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The Horizon Fuel Cell Technologies HYDROFILL - personal desktop hydrogen station

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January 4, 2010

The Horizon Fuel Cell Technologies HYDROFILL and two Hydrostik cartridges

The Horizon Fuel Cell Technologies HYDROFILL and two Hydrostik cartridges

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Singaporean company Horizon Fuel Cell Technologies will release a small home hydrogen refueling and storage solution at the Consumer Electronics Show in Las Vegas later this week that could kickstart mankind’s transition to a hydrogen-based economy. The HYDROFILL is a small desktop device that plugs into the power supply, a solar panel or a small wind turbine, and automatically extracts hydrogen from its water tank and stores it in a solid form in small refillable cartridges. The cartridges contain metallic alloys that absorb hydrogen into their crystalline structure, a storage method which the company claims offers the highest volumetric energy density of any form of hydrogen storage, even higher than liquid hydrogen.

Horizon Fuel Cell Technologies, which first became known to the general public with an exclusive Gizmag story in 2006 about the company’s educational toy solar hydrogen car. The Horizon toy cars quickly became the world’s largest volume-produced commercial fuel cell products and it is quite an irony that less than half a decade later, the company which launched with a toy car appears set to introduce genuinely disruptive technology into the home, finally enabling the long-touted futuristic vision of a hydrogen station in every home.

The HYDROFILL hydrogen refueling device will enable a low cost, scalable hydrogen supply model and may indeed eliminate the need for large-scale fueling infrastructure investments. As Horizon’s press statement so aptly puts it, the “game-changer innovation can unlock the age-old dilemma over which comes first: clean cars, or clean fuels.”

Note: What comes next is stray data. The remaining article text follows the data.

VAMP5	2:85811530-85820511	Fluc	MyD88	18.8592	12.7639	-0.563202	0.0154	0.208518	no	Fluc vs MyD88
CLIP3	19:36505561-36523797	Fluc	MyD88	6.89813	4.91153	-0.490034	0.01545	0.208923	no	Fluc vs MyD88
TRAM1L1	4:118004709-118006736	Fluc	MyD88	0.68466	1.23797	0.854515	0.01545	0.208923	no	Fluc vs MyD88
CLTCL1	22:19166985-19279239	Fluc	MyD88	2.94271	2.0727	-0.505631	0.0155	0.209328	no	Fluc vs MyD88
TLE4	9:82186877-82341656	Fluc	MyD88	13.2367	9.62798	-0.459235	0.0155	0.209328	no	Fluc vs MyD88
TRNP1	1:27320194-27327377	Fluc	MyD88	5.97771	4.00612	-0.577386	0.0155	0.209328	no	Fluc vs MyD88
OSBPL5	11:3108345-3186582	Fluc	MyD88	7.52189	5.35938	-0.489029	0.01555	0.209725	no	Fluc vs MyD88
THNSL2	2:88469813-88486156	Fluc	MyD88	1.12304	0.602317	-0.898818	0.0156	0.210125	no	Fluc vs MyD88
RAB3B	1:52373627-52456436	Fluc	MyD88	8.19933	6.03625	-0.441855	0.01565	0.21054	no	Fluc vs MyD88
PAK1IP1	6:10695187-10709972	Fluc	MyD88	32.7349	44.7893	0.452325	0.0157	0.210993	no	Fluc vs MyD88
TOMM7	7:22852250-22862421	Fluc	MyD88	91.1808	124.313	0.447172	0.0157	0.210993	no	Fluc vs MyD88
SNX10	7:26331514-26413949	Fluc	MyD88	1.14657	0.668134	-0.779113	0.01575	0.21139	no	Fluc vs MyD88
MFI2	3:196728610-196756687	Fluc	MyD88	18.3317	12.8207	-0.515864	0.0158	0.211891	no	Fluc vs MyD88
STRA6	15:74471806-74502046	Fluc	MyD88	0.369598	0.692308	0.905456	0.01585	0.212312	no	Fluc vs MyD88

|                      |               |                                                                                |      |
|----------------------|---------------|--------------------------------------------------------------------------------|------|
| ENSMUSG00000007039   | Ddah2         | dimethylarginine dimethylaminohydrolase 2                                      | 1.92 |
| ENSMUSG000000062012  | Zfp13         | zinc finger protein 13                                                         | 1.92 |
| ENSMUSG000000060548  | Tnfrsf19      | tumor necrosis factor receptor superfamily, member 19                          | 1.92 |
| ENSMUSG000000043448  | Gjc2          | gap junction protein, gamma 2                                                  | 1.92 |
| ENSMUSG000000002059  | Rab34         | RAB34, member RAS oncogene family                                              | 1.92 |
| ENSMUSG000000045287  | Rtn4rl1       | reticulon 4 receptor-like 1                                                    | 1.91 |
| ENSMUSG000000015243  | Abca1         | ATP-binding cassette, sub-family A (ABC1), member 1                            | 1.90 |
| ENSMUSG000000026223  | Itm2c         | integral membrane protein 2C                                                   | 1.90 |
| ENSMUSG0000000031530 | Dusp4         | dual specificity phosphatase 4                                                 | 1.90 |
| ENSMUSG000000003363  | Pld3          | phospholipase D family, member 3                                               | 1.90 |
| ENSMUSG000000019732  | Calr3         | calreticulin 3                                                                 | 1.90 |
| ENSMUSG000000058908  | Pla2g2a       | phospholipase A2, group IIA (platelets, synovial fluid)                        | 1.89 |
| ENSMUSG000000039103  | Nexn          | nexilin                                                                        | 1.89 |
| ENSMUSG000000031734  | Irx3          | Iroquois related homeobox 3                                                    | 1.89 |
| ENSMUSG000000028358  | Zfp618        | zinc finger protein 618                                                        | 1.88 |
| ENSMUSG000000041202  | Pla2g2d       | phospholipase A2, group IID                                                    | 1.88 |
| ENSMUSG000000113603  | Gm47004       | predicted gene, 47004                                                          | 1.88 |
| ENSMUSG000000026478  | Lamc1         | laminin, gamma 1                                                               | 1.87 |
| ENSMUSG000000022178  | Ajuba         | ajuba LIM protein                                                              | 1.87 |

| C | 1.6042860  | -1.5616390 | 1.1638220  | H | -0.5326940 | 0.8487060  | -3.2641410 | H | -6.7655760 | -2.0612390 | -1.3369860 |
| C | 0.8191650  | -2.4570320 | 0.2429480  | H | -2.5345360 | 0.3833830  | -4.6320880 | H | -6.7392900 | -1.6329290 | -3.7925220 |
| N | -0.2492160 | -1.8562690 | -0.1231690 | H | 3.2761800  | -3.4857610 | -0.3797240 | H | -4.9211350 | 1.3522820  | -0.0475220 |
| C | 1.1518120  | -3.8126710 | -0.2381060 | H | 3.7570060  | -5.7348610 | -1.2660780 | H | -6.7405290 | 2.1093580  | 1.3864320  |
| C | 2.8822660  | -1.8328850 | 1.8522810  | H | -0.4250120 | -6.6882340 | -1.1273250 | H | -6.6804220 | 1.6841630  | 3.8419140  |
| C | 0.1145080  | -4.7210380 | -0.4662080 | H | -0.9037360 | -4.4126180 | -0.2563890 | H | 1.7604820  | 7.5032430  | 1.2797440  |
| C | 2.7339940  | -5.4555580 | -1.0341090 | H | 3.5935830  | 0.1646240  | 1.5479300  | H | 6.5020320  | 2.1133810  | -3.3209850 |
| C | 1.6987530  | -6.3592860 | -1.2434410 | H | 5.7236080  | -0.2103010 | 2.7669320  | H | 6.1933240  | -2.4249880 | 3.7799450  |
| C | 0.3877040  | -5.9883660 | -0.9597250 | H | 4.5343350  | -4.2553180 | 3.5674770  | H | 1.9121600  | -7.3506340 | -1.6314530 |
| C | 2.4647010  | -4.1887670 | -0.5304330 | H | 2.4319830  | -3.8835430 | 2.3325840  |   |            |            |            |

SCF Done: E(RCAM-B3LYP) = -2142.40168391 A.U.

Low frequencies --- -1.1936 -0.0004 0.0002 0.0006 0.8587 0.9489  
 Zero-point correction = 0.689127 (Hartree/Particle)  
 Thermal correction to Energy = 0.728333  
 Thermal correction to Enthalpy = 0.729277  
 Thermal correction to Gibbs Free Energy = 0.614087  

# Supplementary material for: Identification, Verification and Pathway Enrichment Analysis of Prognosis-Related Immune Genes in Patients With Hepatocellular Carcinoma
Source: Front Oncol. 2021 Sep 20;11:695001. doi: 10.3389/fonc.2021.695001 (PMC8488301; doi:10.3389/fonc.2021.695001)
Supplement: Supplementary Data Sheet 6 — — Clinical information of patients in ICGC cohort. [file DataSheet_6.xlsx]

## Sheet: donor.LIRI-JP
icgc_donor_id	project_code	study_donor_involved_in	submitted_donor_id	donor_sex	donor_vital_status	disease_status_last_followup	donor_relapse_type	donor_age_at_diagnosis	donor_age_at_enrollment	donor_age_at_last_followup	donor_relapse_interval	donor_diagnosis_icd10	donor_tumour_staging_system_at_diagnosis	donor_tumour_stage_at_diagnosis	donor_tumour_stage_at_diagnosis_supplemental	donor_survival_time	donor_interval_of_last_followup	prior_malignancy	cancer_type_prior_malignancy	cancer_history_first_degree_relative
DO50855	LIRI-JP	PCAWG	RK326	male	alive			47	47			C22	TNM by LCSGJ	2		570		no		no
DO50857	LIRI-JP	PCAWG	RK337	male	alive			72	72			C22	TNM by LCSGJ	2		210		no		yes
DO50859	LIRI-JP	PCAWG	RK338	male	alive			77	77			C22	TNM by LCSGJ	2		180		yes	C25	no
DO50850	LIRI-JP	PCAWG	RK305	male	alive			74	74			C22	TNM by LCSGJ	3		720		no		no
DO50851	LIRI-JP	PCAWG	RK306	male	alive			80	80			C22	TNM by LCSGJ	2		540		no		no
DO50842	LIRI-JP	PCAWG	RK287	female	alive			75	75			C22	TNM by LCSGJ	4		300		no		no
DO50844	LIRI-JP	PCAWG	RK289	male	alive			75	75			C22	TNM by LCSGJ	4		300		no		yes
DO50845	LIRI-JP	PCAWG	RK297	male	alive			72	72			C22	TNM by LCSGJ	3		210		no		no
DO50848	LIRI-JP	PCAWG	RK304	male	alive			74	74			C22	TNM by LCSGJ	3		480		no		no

“We no longer need to rely on nationwide networks of hydrogen fueling stations to enable large-scale fuel cell commercialization,” said Horizon co-founder Taras Wankewycz. “Horizon is initiating a transition that places consumers in the driving seat. Thanks to our innovation each household can gradually become a major part of tomorrow’s hydrogen fuel supply infrastructure.”

The HYDROFILL is a small desktop device that plugs into the power supply, a solar panel or a small wind turbine, and automatically extracts hydrogen from its water tank and stores it in a solid form in small refillable cartridges. The cartridges contain metallic alloys that absorb hydrogen into their crystalline structure. The cartridges then release the hydrogen at low pressures, removing many of the concerns regarding storing hydrogen at high pressure.

This storage method also creates the highest volumetric energy density of any form of hydrogen storage, even higher than liquid hydrogen. Unlike conventional batteries, these cartridges carry more energy capacity, are cheaper, and do not contain any environmentally-harmful heavy metals.

Horizon believes the HYDROFILL is the first step towards private refueling of new generations of fuel cell electric vehicles. Fuel cell technology can greatly improve the features and usability of many battery or engine-powered devices, and create the possibility for lower cost electric cars that drive longer distances and recharge instantly.

Instead of starting with more complex automotive developments, Horizon’s founders decided to start enabling devices that require less power, such as various portable and consumer applications.

Horizon’s next phase starts now with the market introduction of a complete line of portable consumer electronic devices that address much larger markets. The first of these products include a micro-fuel cell power supply named MINIPAK, which extends the off-grid runtimes of small electronic devices including cell phones, lighting products, and many USB powered devices.